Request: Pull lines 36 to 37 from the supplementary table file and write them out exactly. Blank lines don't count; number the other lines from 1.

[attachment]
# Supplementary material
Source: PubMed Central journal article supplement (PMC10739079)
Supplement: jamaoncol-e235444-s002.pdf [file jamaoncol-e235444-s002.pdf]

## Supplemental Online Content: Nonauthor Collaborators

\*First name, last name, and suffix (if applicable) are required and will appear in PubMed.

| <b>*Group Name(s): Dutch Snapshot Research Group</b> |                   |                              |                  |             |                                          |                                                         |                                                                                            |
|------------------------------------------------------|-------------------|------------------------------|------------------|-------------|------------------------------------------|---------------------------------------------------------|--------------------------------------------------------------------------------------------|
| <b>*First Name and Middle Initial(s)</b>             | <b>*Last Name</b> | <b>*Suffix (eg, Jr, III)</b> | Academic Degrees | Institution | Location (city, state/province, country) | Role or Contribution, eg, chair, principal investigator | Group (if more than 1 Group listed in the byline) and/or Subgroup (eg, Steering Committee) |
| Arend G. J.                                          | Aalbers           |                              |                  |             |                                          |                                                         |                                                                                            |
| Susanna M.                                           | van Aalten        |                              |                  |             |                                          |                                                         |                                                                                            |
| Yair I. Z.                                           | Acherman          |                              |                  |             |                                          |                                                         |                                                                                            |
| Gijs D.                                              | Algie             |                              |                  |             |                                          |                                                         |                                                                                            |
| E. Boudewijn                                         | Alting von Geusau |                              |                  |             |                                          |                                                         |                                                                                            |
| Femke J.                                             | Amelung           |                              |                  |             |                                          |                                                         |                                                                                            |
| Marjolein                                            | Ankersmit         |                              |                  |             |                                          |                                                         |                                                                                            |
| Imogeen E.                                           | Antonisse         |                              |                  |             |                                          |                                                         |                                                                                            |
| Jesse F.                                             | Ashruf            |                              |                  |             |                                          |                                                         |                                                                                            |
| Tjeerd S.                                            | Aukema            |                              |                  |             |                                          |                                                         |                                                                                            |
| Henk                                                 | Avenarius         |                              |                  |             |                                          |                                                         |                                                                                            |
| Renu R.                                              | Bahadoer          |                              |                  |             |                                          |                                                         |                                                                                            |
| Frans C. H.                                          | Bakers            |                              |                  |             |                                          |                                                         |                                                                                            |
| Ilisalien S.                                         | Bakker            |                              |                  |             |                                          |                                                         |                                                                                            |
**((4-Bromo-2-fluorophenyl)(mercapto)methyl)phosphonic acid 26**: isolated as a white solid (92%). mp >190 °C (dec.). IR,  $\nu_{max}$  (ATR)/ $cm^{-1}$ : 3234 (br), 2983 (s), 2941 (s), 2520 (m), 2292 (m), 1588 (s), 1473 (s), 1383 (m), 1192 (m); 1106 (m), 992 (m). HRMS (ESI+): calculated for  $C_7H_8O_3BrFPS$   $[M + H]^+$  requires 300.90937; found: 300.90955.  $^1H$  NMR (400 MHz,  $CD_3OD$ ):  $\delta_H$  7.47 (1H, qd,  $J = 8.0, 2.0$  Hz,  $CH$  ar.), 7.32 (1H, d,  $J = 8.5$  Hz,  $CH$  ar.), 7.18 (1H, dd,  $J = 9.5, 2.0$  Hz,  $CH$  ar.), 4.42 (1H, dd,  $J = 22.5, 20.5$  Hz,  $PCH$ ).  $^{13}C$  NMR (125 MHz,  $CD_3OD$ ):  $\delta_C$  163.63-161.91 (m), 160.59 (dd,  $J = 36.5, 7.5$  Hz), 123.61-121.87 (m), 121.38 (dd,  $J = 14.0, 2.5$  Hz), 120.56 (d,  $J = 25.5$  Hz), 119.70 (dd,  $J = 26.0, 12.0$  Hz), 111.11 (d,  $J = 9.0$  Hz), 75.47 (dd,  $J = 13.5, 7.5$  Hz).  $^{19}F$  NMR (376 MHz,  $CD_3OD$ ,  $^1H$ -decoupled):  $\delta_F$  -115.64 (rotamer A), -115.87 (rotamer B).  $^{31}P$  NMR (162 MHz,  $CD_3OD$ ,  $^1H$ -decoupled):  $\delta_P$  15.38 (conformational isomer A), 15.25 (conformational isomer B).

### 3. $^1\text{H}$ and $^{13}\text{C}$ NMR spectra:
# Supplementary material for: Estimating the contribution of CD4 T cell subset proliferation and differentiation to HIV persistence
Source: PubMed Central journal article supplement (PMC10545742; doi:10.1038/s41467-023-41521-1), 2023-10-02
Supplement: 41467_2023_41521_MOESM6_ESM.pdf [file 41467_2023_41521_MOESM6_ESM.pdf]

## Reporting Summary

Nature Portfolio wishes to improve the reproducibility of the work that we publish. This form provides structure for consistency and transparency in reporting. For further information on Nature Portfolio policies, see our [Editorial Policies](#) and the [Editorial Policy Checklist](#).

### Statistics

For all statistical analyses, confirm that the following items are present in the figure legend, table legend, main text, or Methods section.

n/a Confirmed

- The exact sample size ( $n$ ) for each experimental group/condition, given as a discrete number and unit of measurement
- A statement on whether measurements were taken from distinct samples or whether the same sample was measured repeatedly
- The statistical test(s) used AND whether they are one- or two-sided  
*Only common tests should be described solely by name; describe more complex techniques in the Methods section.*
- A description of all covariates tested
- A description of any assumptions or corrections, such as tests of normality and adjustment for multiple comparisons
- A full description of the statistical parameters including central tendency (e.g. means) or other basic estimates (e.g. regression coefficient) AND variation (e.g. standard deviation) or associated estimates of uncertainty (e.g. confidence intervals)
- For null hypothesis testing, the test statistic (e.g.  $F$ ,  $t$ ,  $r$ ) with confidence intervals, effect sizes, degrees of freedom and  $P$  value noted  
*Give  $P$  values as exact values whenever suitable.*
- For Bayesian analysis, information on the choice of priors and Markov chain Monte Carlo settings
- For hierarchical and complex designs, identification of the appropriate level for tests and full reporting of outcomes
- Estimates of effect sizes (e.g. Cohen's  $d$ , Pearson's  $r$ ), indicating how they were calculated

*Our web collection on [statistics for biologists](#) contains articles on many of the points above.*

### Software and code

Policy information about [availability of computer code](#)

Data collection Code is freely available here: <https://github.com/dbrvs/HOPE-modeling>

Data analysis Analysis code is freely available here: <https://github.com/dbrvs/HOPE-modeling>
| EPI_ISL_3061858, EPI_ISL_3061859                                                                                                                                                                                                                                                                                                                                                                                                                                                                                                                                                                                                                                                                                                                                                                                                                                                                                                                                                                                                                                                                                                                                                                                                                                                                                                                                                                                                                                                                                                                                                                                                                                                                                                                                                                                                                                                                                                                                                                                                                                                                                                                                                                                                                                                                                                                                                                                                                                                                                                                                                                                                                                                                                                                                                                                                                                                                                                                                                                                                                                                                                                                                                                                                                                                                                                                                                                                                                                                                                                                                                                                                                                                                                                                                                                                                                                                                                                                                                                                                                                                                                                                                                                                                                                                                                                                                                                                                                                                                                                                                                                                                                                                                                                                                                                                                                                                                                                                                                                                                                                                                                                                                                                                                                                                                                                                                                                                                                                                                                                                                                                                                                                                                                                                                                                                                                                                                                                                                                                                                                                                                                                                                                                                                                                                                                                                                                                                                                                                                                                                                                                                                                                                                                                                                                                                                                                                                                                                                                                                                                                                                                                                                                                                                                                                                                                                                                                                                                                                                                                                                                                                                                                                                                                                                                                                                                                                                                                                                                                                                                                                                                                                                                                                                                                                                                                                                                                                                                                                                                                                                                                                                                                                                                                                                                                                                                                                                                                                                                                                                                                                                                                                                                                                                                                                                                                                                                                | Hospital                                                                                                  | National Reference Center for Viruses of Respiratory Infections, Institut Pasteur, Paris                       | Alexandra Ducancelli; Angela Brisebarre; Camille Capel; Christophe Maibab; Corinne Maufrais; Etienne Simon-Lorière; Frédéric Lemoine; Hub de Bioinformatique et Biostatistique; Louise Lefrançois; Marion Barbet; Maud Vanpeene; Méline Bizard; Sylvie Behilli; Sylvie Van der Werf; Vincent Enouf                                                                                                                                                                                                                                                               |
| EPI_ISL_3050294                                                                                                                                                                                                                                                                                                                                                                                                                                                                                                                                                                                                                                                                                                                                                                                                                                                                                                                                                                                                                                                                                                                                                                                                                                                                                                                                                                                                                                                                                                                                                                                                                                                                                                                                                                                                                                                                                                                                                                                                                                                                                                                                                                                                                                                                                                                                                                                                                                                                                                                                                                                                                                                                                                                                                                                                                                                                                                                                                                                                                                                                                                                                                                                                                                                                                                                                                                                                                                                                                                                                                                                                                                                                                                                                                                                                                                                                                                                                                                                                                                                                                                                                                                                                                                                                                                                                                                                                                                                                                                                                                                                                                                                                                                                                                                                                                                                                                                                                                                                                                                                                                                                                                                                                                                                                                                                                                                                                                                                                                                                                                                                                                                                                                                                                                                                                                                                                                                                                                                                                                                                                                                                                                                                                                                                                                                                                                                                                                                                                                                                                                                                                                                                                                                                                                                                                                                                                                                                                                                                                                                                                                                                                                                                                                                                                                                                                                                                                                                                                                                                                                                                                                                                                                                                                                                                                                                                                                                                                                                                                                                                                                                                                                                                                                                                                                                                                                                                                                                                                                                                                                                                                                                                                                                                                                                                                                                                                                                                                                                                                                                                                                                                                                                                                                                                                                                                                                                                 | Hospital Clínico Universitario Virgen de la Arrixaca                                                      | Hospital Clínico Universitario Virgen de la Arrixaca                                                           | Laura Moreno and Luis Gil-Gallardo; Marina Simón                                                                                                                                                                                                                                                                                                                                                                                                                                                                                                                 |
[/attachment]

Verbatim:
*Only common tests should be described solely by name; describe more complex techniques in the Methods section.*
- A description of all covariates tested